Create a More-profitable Secure Portfolio with TFSA Investment Options

Make better TFSA investment decisions and stop picking stocks that cost you more money than you earn.

Your tax-free savings account, or TFSA, can generally hold the same investments as an RRSP. This includes TFSA investment options of cash, mutual funds, publicly traded stocks, GICs and bonds.

These special savings accounts let you earn investment income, including interest, dividends and capital gains, tax free. But unlike contributions to registered retirement savings plans (RRSPs), contributions to TFSAs are not tax deductible. However, withdrawals from a TFSA are not taxed.

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Use TFSAs to hold lower-risk investments

Rather than aiming to set up a TFSA as a separate portfolio, we think that the best approach for investors is to treat all their holdings—regardless of what account they are in—as if they were all in a single account. That way, you can determine if the various accounts within a family are operating together, or at cross purposes. This also gives investors the overall perspective they need to make sound investment decisions.

However, we think you are best to hold lower-risk investments in your TFSA. That’s because you don’t want to suffer big losses in these accounts. If you do, you can’t use those losses to offset capital gains. You’ll also lose the main advantage of a TFSA: sheltering gains from tax. You won’t have gains to shelter if the value of your investments falls.

Find lower-risk investments for your TFSA with three tips that will earn you more money:

  • Keep stock market trends in perspective. It pays to keep in mind that the stock market often anticipates trends—but no trend lasts forever. As well, stocks sometimes put on lengthy downturns due to business and economic problems—but the downturns typically go into reverse long before the problems get resolved.
  • The best stocks should have the ability to profit from secular trends. These trends outlast ordinary business booms and busts, because they reflect ongoing social change. A growing middle class and rising environmental sentiment are just two examples of secular trends.
  • Be skeptical of companies that mainly grow through acquisitions. Making acquisitions can speed up a company’s growth, but it also adds risk that can undermine a conservative, safe investing approach. Great acquisitions are rare finds. Many acquisitions come with hidden problems or risks, or they turn out to have been over-priced.

High-yielding U.S. stocks are not a good fit for your TFSA investments

Canadian shareholders pay a 15% withholding tax on dividends from U.S. stocks. If you hold the stocks in non-registered cash accounts, you can then get a Canadian tax credit to offset all or part of the tax you paid to the U.S. Better still, thanks to rules in the U.S./Canada tax treaty, the U.S. does not withhold the 15% from U.S. dividend income that comes to you from U.S. stocks you hold in an RRSP.

If you hold those dividend-paying U.S. stocks in a TFSA, on the other hand, the 15% tax is withheld. The U.S. wants its tax, and the latest U.S./Canada treaty doesn’t mention TFSAs, since they had not yet been created when the treaty was last updated. As a result, you lose the 15% withholding tax, but you don’t get an offsetting Canadian tax credit, since Canada doesn’t tax earnings from TFSAs.

So you won’t want to hold high-yielding U.S. stocks in your TFSA. In contrast, though, U.S. stocks that pay very low dividends or no dividends at all are okay to hold in your TFSA.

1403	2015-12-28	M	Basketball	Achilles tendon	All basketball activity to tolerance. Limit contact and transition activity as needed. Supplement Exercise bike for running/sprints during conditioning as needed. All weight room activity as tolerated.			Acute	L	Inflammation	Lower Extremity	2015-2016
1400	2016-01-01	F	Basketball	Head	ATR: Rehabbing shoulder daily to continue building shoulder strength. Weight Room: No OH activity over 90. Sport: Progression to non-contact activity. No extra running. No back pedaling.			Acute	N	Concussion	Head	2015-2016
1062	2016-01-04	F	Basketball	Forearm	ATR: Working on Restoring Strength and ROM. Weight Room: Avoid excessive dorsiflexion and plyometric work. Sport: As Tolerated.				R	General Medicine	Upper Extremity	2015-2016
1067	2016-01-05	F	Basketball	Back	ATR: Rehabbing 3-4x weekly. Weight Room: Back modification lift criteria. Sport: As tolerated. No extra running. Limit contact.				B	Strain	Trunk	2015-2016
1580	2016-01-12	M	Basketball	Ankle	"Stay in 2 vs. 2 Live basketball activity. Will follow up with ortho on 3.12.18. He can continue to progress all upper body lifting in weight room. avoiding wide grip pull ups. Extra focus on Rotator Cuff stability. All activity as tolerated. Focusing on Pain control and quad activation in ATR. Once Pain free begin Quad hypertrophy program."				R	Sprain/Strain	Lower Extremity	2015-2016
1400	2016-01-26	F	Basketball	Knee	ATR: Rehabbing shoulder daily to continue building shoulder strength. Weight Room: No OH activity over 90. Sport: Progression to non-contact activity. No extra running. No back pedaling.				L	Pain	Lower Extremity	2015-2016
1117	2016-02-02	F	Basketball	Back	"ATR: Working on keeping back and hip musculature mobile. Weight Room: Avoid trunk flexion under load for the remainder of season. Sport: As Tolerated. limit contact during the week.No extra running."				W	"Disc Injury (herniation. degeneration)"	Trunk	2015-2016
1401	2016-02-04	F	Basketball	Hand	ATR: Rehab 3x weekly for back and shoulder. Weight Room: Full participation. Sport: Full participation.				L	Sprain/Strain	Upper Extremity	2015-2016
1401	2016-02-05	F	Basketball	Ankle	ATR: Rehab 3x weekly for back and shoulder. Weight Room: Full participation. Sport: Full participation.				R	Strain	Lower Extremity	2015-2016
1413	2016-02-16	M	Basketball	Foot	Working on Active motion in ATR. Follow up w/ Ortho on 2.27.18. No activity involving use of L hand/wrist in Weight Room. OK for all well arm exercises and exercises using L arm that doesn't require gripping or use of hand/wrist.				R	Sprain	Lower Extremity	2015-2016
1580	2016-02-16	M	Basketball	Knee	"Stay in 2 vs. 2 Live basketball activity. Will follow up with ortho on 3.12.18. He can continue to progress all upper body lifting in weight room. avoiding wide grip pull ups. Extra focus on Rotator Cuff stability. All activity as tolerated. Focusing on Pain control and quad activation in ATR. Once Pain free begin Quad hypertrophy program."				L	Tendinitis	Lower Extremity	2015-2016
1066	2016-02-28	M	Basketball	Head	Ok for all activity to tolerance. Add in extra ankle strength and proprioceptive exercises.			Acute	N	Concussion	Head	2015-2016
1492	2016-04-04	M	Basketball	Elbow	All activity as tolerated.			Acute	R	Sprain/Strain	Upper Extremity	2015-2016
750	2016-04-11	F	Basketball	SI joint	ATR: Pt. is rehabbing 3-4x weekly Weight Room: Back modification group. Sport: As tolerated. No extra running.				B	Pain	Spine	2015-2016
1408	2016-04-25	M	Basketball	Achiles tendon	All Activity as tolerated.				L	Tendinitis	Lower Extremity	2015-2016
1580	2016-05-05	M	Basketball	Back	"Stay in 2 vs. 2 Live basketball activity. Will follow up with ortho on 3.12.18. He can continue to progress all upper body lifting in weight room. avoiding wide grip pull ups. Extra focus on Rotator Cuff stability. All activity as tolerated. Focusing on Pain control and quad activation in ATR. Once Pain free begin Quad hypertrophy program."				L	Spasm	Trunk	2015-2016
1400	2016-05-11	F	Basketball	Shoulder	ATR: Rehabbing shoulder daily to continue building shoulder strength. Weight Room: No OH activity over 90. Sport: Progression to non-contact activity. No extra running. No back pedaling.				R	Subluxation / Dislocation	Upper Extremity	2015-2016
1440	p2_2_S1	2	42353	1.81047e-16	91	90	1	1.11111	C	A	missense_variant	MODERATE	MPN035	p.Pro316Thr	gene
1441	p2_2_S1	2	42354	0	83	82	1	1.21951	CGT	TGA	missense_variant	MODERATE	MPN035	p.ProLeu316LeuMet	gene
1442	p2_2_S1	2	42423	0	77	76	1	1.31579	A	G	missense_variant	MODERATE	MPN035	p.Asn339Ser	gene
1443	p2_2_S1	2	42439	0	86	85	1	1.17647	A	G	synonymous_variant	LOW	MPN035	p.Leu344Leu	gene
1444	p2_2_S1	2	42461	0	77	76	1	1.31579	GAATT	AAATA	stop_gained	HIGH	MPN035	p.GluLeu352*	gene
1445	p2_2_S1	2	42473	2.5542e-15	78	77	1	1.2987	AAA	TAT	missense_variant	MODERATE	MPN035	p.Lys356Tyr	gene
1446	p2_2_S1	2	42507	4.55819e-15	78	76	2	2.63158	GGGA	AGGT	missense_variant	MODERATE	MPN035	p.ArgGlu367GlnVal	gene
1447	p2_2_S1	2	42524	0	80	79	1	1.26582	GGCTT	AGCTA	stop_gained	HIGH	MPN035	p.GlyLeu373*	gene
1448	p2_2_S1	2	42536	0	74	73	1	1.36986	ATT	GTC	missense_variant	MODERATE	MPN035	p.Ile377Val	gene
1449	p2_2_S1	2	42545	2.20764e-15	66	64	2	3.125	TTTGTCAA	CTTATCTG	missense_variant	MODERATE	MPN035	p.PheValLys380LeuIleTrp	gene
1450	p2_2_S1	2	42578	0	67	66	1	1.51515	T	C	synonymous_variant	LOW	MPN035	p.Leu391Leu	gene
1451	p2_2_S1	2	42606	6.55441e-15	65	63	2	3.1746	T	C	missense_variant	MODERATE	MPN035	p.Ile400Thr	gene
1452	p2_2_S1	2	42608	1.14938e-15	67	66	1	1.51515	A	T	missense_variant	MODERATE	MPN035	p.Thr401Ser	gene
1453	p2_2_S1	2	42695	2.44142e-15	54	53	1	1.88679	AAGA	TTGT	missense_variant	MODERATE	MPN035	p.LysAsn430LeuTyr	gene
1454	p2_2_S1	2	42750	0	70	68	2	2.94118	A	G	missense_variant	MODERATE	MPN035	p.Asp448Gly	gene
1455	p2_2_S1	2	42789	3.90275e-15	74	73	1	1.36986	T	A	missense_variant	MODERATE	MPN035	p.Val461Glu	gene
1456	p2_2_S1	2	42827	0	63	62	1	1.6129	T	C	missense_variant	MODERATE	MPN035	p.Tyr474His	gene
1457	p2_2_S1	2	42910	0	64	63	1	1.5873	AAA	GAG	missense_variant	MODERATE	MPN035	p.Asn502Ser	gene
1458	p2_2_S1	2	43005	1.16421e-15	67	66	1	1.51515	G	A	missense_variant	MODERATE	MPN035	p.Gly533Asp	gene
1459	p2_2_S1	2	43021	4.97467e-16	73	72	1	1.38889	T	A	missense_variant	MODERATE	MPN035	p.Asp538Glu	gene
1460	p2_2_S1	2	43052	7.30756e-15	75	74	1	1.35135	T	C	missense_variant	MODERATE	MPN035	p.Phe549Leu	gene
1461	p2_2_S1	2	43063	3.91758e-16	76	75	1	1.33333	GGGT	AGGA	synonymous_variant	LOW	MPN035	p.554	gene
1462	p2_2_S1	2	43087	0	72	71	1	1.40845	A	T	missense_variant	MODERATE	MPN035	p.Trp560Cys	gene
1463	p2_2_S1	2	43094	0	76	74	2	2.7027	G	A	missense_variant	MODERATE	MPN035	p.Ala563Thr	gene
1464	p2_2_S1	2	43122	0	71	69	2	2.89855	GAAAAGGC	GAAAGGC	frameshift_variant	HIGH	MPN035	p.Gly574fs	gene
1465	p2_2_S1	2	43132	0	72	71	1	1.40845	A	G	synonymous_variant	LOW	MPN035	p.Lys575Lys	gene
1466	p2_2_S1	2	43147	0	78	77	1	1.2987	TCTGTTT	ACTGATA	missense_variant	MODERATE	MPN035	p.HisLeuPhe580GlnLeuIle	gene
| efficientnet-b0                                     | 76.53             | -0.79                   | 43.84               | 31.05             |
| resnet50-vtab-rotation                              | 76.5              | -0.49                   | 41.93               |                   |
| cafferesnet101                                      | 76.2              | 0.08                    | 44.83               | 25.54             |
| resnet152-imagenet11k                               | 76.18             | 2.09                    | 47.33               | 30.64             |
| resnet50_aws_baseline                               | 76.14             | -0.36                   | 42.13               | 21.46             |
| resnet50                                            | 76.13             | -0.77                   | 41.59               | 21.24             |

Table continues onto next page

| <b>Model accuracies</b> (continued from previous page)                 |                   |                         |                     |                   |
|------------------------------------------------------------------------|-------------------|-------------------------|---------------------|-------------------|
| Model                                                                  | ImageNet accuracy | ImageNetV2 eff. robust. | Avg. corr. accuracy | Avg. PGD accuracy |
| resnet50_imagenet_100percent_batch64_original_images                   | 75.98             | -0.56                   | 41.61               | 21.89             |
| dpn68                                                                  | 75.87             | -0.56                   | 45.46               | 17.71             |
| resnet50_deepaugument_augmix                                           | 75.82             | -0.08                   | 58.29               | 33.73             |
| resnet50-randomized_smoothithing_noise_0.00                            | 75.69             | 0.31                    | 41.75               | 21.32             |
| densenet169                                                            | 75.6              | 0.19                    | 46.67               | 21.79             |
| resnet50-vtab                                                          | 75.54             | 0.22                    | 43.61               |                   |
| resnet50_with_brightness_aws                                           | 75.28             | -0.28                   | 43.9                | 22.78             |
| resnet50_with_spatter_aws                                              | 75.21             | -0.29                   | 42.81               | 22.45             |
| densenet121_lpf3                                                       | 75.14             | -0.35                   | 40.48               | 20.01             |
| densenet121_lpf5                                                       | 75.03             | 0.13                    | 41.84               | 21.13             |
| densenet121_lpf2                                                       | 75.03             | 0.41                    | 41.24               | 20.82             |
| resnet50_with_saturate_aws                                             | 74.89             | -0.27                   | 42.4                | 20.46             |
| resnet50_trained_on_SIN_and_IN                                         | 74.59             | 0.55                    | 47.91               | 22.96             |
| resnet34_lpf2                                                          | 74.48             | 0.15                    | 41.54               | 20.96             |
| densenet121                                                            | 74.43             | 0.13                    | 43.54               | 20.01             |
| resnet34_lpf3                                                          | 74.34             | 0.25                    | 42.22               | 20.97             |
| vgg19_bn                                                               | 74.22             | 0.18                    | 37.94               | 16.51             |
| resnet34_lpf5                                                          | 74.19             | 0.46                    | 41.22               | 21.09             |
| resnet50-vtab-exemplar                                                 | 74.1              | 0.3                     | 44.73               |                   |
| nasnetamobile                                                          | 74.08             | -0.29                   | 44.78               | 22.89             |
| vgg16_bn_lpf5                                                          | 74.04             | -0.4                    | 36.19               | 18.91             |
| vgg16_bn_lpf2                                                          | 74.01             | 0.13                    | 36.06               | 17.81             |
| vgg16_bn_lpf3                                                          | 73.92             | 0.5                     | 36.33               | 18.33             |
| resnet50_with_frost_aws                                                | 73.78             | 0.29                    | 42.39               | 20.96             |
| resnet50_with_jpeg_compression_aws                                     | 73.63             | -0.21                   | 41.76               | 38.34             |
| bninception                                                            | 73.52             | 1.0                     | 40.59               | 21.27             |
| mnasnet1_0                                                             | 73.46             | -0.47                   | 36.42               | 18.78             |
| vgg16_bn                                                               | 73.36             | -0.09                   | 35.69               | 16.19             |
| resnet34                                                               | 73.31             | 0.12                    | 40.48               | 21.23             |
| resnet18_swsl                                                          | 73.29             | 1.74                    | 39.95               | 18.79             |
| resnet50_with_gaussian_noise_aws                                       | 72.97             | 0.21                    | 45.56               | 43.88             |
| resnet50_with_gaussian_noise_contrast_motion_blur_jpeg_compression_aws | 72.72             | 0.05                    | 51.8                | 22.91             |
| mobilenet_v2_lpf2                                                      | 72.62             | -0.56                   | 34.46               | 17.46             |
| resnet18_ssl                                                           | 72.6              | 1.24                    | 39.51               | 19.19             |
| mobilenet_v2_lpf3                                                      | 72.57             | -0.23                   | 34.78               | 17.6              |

Make ETFs one of your top TFSA investment picks, to make more money when you’re first starting out

When you are first starting out with your TFSA, or making small monthly contributions, you could look to low-fee index funds for TFSA investing.

Over the years, as the value of your TFSA increases, you could switch those funds into a well-diversified portfolio of conservative, mostly dividend-paying stocks.

Focus on investment quality when looking for TFSA investment options and you’ll see better returns

When we look for investments, we zero in on companies that have established a business and have at least some history of building revenue and cash flow. We also look for companies that stand to benefit as the economy continues to improve, and have proven management and long-term growth plans.

That’s very different from so-called concept stocks, many of which are start-ups or companies that look to profit from next week’s or next year’s investor fad. These companies can generate big returns in a good year. In the long run, though, they are likely to cost you money.

Use our three-part Successful Investor approach when building your TFSA

  1. Invest mainly in well-established, dividend-paying companies, with a history of rising sales if not earnings and dividends.
  2. Spread your money out across most if not all of the five main economic sectors: Manufacturing & Industry; Resources & Commodities; Consumer; Finance; Utilities.
  3. Downplay or avoid stocks in the broker/media limelight. When stocks spend time in the limelight, they tend to become overpriced, and this leaves them vulnerable to a sharp downturn on any hint of bad news. Instead, look for stocks with hidden value that are less widely recognized—at least so far—as attractive investments.

Some analysts believe that increasing the TFSA contribution limit is a ticking time bomb because it would lead to significant losses in tax revenue. What are your thoughts on the contribution limits?

How has your TSFA changed over time? Do you have a plan that you stick to, or do you alter your strategy according to the current economic climate?


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